Rare Bornean Bay Cat Captured on Camera
The Bornean bay cat (Pardofelis badia) -- a rare, spotted feline living in the rainforests of Borneo -- has been caught on camera.
Researchers at Zoological Society of London (ZSL) and Imperial College London recorded the movement of the elusive bay cat along with four other wild cat species in an un-surveyed and heavily-logged part of the forest.
This is the first time scientists have found all the five cats including the Sunda clouded leopard (Neofelis diardi), leopard cat (Prionailurus bengalensis), flat-headed cat (Prionailurus planiceps) and marbled cat (Pardofelis marmorata), to be roaming in this part of Borneo.
Oliver Wearn, one of the research teammates, said that these cats are known for their ability to stay hidden and avoid conservationists. Researchers would never have found the cats without the randomly placed camera traps in the rainforest. The latest study also shows that the cats can survive in heavily-logged forests.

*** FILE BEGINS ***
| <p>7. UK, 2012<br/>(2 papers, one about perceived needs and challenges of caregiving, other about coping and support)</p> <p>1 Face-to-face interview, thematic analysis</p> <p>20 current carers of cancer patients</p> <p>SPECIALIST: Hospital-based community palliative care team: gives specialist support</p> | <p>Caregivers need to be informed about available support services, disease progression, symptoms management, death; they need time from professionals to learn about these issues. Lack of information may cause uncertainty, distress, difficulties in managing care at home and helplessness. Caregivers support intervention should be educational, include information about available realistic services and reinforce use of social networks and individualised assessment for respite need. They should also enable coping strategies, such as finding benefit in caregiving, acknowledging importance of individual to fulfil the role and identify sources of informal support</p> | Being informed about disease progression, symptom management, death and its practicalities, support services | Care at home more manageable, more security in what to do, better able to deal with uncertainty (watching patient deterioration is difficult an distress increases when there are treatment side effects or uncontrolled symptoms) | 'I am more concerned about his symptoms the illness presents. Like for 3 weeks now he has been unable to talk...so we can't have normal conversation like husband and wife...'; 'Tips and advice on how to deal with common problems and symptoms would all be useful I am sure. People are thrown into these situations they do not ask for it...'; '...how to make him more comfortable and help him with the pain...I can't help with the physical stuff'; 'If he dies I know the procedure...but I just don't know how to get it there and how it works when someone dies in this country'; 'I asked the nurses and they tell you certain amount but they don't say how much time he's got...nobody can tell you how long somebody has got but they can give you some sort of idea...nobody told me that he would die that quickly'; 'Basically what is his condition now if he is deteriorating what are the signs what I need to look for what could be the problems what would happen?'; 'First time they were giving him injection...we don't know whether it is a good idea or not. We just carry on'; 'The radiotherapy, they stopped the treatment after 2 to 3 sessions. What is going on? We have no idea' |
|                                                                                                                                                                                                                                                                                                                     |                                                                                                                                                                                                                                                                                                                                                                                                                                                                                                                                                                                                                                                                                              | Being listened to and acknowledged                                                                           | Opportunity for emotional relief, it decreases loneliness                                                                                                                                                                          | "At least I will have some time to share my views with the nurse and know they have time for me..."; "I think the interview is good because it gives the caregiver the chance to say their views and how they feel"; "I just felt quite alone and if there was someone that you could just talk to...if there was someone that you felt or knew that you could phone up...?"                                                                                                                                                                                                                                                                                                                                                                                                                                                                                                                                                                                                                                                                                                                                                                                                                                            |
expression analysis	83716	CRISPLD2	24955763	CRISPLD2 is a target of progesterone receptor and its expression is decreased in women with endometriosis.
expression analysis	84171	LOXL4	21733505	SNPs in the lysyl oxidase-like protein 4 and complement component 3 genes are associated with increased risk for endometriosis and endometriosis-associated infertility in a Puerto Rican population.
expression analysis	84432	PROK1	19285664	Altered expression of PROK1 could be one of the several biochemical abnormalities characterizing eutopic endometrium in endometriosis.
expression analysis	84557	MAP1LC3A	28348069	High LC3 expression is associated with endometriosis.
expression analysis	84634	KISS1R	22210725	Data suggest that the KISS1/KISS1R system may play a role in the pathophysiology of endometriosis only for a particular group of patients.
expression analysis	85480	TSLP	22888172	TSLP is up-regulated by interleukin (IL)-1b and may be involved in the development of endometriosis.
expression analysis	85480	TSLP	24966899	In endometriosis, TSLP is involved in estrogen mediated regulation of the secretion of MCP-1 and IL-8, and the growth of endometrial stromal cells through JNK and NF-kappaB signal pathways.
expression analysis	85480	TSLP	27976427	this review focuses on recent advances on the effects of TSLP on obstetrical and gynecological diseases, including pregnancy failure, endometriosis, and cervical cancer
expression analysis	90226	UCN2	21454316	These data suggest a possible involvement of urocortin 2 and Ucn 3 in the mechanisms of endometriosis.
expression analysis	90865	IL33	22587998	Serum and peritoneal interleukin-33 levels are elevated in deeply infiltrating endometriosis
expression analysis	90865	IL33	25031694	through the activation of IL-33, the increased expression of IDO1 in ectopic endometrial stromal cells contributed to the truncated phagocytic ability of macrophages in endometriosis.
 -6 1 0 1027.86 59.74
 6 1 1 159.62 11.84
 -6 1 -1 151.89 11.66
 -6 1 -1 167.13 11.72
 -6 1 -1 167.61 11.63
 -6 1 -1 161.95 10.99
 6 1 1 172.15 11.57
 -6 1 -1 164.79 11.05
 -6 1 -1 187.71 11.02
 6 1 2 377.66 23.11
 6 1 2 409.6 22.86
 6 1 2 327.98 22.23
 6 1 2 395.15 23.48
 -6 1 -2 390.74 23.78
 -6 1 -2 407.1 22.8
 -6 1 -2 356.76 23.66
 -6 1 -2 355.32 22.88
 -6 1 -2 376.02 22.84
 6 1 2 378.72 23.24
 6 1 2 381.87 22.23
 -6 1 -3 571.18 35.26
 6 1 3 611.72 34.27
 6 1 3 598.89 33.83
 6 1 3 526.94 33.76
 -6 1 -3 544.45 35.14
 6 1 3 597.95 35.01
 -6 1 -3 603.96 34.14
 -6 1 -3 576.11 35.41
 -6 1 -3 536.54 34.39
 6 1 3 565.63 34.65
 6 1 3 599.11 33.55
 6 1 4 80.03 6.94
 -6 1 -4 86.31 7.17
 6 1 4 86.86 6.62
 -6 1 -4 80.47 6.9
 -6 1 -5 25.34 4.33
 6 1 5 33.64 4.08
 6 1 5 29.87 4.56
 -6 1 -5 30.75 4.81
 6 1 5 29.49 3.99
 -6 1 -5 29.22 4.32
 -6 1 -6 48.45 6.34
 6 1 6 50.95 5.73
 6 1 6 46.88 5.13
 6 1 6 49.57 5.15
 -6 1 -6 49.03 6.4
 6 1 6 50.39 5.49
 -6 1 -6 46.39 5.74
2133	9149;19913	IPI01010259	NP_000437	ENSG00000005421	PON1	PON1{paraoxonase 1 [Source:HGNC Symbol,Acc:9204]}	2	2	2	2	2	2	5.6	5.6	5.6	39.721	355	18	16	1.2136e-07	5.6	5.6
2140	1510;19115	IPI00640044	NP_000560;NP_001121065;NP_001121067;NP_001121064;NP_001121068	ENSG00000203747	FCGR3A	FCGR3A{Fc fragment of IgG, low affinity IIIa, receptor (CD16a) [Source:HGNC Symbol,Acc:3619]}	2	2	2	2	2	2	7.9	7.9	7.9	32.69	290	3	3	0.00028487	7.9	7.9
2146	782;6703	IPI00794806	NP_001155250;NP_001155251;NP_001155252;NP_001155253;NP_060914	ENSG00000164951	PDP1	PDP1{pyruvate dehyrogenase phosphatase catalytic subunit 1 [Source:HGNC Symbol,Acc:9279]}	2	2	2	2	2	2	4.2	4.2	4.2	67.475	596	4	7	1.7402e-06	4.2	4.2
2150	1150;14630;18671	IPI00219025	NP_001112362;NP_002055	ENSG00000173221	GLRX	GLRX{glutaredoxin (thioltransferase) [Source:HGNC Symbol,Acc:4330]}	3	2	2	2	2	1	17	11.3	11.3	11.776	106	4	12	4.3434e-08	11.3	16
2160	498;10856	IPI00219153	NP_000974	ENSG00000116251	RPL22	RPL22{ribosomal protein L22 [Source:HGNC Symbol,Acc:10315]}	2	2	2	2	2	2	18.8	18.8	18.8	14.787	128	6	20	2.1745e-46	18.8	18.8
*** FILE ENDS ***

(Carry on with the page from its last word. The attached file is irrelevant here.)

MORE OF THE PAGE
"We were completely surprised to see so many bay cats at these sites in Borneo where natural forests have been so heavily logged for the timber trade. Conservationists used to assume that very few wild animals can live in logged forest, but we now know this land can be home for many endangered species," Dr Robert Ewers from the Department of Life Sciences at Imperial College London
"Our study today shows solid evidence that even large carnivores, such as these magnificent bay cats, can survive in commercially logged forests," Dr Ewers added, according to a news release.
The bay cat is the world's least-known cat and was last seen in a video in 2003. After that, conservationists only got a few photographs of the cat in 2009 and 2010. Researchers are hopeful that the current data will help them understand its habitat. Bay cats are quite similar to domestic cats, but have long tails and reddish or gray coat.
Check the latest video, here.